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McLaren designer Frank Stephenson: “Playing it safe is the biggest obstacle for progress ; the ultimate suffocation of the arts and creativity; No risk means no change, no change means predictability”

In my opinion, the decision makers at the top need a rude awakening. It seems to me that for far too long now the entertainment industry has been playing it safe. This is the biggest obstacle for progress — the ultimate suffocation of the arts and creativity. No risk means no change. No change means predictability and […]


In my opinion, the decision makers at the top need a rude awakening. It seems to me that for far too long now the entertainment industry has been playing it safe. This is the biggest obstacle for progress — the ultimate suffocation of the arts and creativity. No risk means no change. No change means predictability and that eventually leads to a boring product or result. Finally, a boring product leads to failure.


I had the distinct pleasure to interview Frank Stephenson, the designer of the McLaren P1 and the Mini Cooper. One of the world’s most renowned and influential designers today, Frank began his career in 1986 after graduating from Art Center College of Design in Pasadena, California. Frank is a born designer and design is included in everything he does. He constantly sees design all around him — his mind never rests, always thinking of a better way.


Thank you so much for doing this with us Frank! Can you tell us the story of how you grew up?

Sure. I was born in Casablanca, Morocco to an American father and Spanish mother. I went to an international school there. At the age of 11 we moved to Istanbul and at 16 we moved to Madrid where I graduated from high school. I then raced motocross internationally until the age of 23 when I decided to turn my professional aspirations towards automotive design. I grew up with a passion for art, science and moving objects, and designing cars was my idea of a dream profession. I moved to Pasadena, California to study design at Art Center College of Design for 4 years and on graduation I moved to Cologne, Germany to kick off my professional life.

Can you share a story with us about what brought you to this specific career path?

My father had the ancestral Nordic character trait for precision and my mother had the Latin flair for the arts. Design is the combination and distillation of these elements — I feel I inherited my love for the science of beauty from them. It’s no mystery to me that on March 19th, 1969, walking hand in hand with my father on Rue Mohammed V, I saw my first Jaguar E-Type, parked and gleaming in the early morning sunlight. It stopped me in my tracks and it took a great effort for my father to finally pull me away from it. I’ve never stopped admiring that car, it’s still my favorite car design of all-time.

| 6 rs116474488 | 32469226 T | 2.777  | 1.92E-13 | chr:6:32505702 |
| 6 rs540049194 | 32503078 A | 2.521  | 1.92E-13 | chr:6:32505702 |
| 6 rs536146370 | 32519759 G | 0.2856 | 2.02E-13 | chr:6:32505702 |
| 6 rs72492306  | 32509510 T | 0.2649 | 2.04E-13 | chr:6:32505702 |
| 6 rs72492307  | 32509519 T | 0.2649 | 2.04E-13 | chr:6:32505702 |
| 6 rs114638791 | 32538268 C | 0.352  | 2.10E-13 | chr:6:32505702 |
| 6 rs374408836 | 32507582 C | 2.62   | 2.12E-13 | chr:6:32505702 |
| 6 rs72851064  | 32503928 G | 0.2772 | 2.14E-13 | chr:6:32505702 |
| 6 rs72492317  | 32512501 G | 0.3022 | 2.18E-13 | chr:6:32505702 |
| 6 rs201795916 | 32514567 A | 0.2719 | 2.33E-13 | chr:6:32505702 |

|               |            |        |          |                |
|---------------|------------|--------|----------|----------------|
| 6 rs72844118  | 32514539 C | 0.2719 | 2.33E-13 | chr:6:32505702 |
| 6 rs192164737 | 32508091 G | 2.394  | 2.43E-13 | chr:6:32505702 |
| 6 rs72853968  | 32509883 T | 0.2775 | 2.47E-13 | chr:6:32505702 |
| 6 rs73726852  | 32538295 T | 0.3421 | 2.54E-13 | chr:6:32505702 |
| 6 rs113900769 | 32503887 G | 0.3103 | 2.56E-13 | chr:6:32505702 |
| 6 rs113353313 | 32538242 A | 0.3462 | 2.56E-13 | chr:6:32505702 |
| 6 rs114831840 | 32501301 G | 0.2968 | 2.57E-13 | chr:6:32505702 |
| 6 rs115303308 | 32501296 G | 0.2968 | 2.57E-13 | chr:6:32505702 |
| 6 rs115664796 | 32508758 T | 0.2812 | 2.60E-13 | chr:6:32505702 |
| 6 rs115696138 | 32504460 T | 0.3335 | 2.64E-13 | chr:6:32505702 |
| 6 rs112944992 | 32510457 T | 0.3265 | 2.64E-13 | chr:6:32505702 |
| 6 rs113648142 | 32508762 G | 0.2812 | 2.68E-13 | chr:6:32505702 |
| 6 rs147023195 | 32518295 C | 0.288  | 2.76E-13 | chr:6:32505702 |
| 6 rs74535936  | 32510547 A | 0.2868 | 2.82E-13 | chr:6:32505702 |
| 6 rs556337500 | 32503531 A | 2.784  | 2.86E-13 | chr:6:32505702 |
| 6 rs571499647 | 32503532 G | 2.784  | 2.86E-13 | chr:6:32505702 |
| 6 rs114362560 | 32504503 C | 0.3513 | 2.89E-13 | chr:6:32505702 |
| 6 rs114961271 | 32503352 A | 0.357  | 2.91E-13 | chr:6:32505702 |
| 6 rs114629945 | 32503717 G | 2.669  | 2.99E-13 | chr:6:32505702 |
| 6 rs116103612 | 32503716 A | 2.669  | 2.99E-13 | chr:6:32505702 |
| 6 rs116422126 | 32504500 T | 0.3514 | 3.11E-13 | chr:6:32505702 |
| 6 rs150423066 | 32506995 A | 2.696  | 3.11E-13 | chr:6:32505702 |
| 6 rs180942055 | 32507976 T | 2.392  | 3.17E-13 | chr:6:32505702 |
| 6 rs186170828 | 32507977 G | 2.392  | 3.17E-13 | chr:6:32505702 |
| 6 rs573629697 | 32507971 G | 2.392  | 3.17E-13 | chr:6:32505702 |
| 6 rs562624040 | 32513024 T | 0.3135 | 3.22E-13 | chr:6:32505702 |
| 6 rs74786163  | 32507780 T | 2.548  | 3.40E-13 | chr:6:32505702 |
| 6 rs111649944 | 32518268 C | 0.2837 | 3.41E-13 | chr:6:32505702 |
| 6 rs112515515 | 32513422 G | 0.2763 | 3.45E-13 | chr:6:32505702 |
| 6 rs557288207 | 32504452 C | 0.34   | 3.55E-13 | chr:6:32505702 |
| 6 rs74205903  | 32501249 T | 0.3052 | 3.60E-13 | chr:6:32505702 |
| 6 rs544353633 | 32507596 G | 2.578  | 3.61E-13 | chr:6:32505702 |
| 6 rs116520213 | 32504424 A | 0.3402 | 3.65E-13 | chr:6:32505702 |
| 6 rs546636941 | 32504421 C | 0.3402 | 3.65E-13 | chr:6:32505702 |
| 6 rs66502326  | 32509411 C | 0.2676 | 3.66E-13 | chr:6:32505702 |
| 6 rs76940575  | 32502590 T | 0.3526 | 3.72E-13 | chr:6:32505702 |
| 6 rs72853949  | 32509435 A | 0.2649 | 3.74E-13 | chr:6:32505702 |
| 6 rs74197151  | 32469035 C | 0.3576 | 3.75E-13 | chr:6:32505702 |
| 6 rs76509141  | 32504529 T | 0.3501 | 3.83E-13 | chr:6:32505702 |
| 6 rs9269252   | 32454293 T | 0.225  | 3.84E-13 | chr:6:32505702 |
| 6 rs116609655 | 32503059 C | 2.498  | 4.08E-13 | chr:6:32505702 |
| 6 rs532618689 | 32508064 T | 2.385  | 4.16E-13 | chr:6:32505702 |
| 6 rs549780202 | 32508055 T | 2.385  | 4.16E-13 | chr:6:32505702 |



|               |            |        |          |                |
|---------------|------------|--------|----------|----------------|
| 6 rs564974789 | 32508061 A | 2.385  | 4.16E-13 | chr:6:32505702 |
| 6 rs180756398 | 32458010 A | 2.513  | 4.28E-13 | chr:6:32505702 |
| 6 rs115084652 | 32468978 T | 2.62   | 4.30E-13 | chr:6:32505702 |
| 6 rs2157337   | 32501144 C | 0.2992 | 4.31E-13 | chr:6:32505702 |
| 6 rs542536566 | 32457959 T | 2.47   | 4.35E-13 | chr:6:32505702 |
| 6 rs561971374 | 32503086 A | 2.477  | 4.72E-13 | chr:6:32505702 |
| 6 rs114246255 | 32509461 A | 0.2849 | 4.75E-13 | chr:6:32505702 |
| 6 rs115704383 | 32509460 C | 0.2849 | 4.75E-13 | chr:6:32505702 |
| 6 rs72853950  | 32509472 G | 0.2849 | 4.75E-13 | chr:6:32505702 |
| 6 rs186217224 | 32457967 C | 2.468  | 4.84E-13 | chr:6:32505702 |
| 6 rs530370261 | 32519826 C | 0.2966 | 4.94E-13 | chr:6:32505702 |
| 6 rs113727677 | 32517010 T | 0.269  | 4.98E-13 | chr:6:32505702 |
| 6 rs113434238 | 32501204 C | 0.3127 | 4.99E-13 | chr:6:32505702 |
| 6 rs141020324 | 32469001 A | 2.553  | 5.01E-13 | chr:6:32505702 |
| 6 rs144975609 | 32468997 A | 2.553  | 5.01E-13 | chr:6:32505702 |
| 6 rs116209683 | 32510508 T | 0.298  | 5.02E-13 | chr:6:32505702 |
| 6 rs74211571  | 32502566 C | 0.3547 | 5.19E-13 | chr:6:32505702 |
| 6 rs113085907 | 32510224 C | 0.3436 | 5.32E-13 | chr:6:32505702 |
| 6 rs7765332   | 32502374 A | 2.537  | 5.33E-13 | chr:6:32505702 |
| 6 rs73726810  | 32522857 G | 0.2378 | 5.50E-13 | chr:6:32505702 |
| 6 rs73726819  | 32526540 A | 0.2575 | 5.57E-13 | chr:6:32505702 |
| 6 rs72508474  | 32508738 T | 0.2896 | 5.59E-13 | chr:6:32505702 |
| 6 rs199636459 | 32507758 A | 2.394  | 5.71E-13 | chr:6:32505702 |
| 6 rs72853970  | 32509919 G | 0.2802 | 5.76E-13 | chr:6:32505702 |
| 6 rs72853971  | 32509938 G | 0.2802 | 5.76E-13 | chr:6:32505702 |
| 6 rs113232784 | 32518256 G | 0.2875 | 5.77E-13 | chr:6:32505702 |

Can you tell us the most interesting story that happened to you since you began your career?

There are too many interesting stories to tell but one that fills me with pride still is my first encounter with GG. When we launched the New MINI at the Paris Auto Show in October of 2000, I had the opportunity in the evening to personally show it to Giorgio Giugiaro, who’s widely considered the best car designer of the 20th century. After taking him through all the design details and thinking process I’d used to create it, his one and only comment to me was, “Perfect, I wouldn’t change a single thing.” I’m still humbled when I think of that moment in time.

Can you share a story about the funniest mistake you made when you were first starting? Can you tell us what lesson you learned from that?

Well, the first design project for me was the awesome rear spoiler of the Ford Escort Cosworth, basically a street legal rocket of a race car derived from the timid road going version. It needed a rear spoiler to keep the rear end of the car glued to the road at high speed. Because I was new and fresh on the job, and in Germany, I took inspiration for the spoiler from the wings of the famous WW1 airplane flown by the Red Baron, the Fokker DR1. It was unique and beautiful in the fact that it was a tri-winger, 3 rows of wings, one atop the other, which made it very recognizable and effective. So I designed this new car with the 3 wings on the back of it instead of the normal just one. It looked fabulous and performed incredibly well in the wind tunnel aerodynamic tests. But in the last meeting before all the various departments signed it off for production, the finance department figured out they could save a few Deutsch Marks if we eliminated the middle wing. I argued fervently against it, saying that it would be like my child being born with 9 fingers instead of 10. They saw positive cost cost cutting and I saw design integrity failing. In the end, the bean counters won out, the car was launched and quickly became the most stolen car in Europe…unscrupulous fans of it just wanted to be able to say they’d driven one…and it went on to win many World Championship titles, with two rear wings instead of the design intended three.

Lesson learned: don’t ever fall in love with your designs.

What are some of the most interesting or exciting projects you are working on now?

I’ve decided to move on from designing cars, not because I don’t still love them, but because there has to be a better way to be socially responsible with the power of design — be it with mobility or products — that can reach and help so much more of our world population in meaningful ways.
I’ve set 4 values that serve as filters towards determining which new design projects I take on. The end design solution must be : One, INNOVATIVE. Two, RAISE THE BAR significantly in its segment. Three, BIOMIMICRY INFLUENCED. And four, ENVIRONMENTALLY SUSTAINABLE.